Maguse / Padlei Rivers

CanadaNunavutHudson
Submitter & Author Information
Route submitted by: 
Admin
Trip Date : 
Route Author: 
Unknown
Additional Route Information
Distance: 
322 km
Duration: 
14 days
Loop Trip: 
No
Portage Information
No. of portages: 
6
Total Portage Distance: 
3500 m
Longest Portage: 
2400 m
Difficulty Ratings
River Travel: 
Advanced
Lake Travel: 
Advanced
Portaging: 
Moderate
Remoteness: 
Advanced
Background Trip Info
Water Levels: 
Route Description
Technical Guide: 

Start at South Henik Lake (fly-in from Arviat)
P into Ameto Lake
Noomut River
Lake 185
Padlei River (72 km with much wading / dragging / lining)
P 2400 m around canyon with unrunnable rapids
Kinga Lake
Maguse River
Upper Maguse lake
Maguse Lake
Maguse River
Hudson Bay
Finish at Arviat

Trip Journal/Log/Report/Diary: 

What follows is a brief, day by day , account of our canoe trip from South Henik Lake to Arviat, NWT, via the Padlei and Maguse Rivers. The route was approximately 200 miles in length, and was travelled for two weeks in early to mid July of 1996. The origin and terminus of this trip was Arviat, NWT. Arviat was reached via scheduled flight out of Winnipeg, Manitoba. Once in Arviat, we were attended to by John Lyndell, owner of Eskimo Point Lumber Co. We spent one evening in his bunkhouse and flew to South Henik Lake the next day, by one of the pilots in his employ. The following is only a very brief description of the events of that trip, and is not to be considered a mile-by-mile "tripticket". This chronicle will provide the reader with the essence of the country and a description of some of the major features and points of interest. To describe the trip in intricate detail would deprive any would-be voyageur the keen sense of discovery that one feels when a trip like this is taken.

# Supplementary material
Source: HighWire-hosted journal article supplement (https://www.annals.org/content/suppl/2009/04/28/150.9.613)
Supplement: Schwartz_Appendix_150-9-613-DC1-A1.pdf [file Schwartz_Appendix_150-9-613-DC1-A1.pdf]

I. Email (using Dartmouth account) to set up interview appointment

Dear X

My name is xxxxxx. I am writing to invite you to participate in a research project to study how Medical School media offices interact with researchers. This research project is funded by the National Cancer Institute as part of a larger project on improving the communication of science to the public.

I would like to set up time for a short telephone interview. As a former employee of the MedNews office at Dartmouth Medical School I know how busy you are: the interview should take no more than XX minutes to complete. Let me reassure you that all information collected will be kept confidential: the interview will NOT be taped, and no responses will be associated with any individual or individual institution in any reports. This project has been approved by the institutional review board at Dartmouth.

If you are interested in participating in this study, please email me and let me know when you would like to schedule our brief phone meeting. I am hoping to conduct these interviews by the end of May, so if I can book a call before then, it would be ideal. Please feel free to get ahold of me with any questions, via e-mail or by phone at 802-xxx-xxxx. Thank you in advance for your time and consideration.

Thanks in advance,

Friday, July 4.
We waited all day in town for our canoe to arrive via scheduled flight from Thompson, Manitoba. By 5PM, we were finally in the air, crammed into a Cessna 210, Skywagon. As we packed our gear aboard the plane, the pilot (obviously not extremely experienced) insisted that we put the canoe spray deck on the boat before it was lashed to the strut. Against our better judgement, and bowing to the pilot`s insistance that we do so, we covered the boat and tied it to the plane. Fifteen minutes after we were in the air, the plane shuddered, and the sound of ripping nylon could be heard above the roar of the engine. We were forced down quickly on a small, unnamed tundra pond. We removed the damaged cover and retied the canoe. After a very tense take-off, down a shallow, rock studded lake, we were once again airborne. An hour later we were unloading on a beautiful sand beach, just above the narrows between North on South Henik Lakes. The two large lakes still being frozen, this was one of the few areas of open water. We set up camp and then hiked to the summit of the hill just south of the narrows for an unbelievable view of the rolling tundra. A large white wolf was seen near camp, within an hour`s time of our arrival.